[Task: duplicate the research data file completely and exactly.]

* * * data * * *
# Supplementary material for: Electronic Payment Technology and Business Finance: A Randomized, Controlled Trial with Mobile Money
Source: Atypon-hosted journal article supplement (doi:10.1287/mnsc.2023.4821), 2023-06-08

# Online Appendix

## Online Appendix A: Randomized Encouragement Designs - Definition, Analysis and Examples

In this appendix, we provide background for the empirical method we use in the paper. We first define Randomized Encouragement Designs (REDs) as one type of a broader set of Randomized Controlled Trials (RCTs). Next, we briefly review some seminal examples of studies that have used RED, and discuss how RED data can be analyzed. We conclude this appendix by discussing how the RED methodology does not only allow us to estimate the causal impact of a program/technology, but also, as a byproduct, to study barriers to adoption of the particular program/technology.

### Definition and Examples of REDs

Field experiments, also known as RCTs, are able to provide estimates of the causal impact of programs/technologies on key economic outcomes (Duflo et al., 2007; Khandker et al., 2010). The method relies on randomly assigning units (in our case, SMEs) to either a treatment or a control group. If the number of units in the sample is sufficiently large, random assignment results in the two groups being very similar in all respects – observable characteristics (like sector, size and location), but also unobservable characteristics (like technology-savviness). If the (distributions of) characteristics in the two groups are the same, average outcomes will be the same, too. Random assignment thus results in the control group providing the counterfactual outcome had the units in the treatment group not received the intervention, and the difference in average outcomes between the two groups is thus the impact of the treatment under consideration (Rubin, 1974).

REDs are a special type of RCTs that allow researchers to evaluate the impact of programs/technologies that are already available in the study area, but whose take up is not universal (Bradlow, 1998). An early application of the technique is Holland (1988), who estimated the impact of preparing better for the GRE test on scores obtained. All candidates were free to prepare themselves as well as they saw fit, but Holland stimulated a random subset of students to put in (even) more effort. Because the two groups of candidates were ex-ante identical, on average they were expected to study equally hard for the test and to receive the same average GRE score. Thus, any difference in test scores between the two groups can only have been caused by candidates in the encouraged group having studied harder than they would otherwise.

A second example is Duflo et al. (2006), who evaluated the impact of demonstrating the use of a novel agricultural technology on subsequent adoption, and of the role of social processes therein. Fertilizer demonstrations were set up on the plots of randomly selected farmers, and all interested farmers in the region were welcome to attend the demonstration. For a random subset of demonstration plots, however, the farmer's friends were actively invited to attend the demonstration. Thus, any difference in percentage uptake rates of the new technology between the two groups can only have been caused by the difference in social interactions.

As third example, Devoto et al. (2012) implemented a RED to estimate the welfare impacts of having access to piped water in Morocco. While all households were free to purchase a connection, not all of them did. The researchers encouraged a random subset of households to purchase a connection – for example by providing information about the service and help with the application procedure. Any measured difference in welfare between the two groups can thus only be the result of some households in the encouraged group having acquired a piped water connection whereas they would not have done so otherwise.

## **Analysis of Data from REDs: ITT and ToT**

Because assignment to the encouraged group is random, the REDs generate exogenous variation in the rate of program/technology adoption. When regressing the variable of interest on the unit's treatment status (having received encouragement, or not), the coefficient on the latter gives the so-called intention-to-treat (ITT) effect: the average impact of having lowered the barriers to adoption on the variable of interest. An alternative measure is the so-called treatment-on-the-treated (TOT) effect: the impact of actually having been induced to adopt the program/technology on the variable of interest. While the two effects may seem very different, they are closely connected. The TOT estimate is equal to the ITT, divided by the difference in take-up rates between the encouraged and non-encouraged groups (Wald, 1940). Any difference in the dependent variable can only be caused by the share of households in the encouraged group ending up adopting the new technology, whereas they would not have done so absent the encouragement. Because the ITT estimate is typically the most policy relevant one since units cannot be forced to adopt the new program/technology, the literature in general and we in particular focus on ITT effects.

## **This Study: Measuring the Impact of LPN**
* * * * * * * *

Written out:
# Supplementary material for: Electronic Payment Technology and Business Finance: A Randomized, Controlled Trial with Mobile Money
Source: Atypon-hosted journal article supplement (doi:10.1287/mnsc.2023.4821), 2023-06-08

# Online Appendix

## Online Appendix A: Randomized Encouragement Designs - Definition, Analysis and Examples

In this appendix, we provide background for the empirical method we use in the paper. We first define Randomized Encouragement Designs (REDs) as one type of a broader set of Randomized Controlled Trials (RCTs). Next, we briefly review some seminal examples of studies that have used RED, and discuss how RED data can be analyzed. We conclude this appendix by discussing how the RED methodology does not only allow us to estimate the causal impact of a program/technology, but also, as a byproduct, to study barriers to adoption of the particular program/technology.

### Definition and Examples of REDs

Field experiments, also known as RCTs, are able to provide estimates of the causal impact of programs/technologies on key economic outcomes (Duflo et al., 2007; Khandker et al., 2010). The method relies on randomly assigning units (in our case, SMEs) to either a treatment or a control group. If the number of units in the sample is sufficiently large, random assignment results in the two groups being very similar in all respects – observable characteristics (like sector, size and location), but also unobservable characteristics (like technology-savviness). If the (distributions of) characteristics in the two groups are the same, average outcomes will be the same, too. Random assignment thus results in the control group providing the counterfactual outcome had the units in the treatment group not received the intervention, and the difference in average outcomes between the two groups is thus the impact of the treatment under consideration (Rubin, 1974).

REDs are a special type of RCTs that allow researchers to evaluate the impact of programs/technologies that are already available in the study area, but whose take up is not universal (Bradlow, 1998). An early application of the technique is Holland (1988), who estimated the impact of preparing better for the GRE test on scores obtained. All candidates were free to prepare themselves as well as they saw fit, but Holland stimulated a random subset of students to put in (even) more effort. Because the two groups of candidates were ex-ante identical, on average they were expected to study equally hard for the test and to receive the same average GRE score. Thus, any difference in test scores between the two groups can only have been caused by candidates in the encouraged group having studied harder than they would otherwise.

A second example is Duflo et al. (2006), who evaluated the impact of demonstrating the use of a novel agricultural technology on subsequent adoption, and of the role of social processes therein. Fertilizer demonstrations were set up on the plots of randomly selected farmers, and all interested farmers in the region were welcome to attend the demonstration. For a random subset of demonstration plots, however, the farmer's friends were actively invited to attend the demonstration. Thus, any difference in percentage uptake rates of the new technology between the two groups can only have been caused by the difference in social interactions.

As third example, Devoto et al. (2012) implemented a RED to estimate the welfare impacts of having access to piped water in Morocco. While all households were free to purchase a connection, not all of them did. The researchers encouraged a random subset of households to purchase a connection – for example by providing information about the service and help with the application procedure. Any measured difference in welfare between the two groups can thus only be the result of some households in the encouraged group having acquired a piped water connection whereas they would not have done so otherwise.

## **Analysis of Data from REDs: ITT and ToT**

Because assignment to the encouraged group is random, the REDs generate exogenous variation in the rate of program/technology adoption. When regressing the variable of interest on the unit's treatment status (having received encouragement, or not), the coefficient on the latter gives the so-called intention-to-treat (ITT) effect: the average impact of having lowered the barriers to adoption on the variable of interest. An alternative measure is the so-called treatment-on-the-treated (TOT) effect: the impact of actually having been induced to adopt the program/technology on the variable of interest. While the two effects may seem very different, they are closely connected. The TOT estimate is equal to the ITT, divided by the difference in take-up rates between the encouraged and non-encouraged groups (Wald, 1940). Any difference in the dependent variable can only be caused by the share of households in the encouraged group ending up adopting the new technology, whereas they would not have done so absent the encouragement. Because the ITT estimate is typically the most policy relevant one since units cannot be forced to adopt the new program/technology, the literature in general and we in particular focus on ITT effects.

## **This Study: Measuring the Impact of LPN**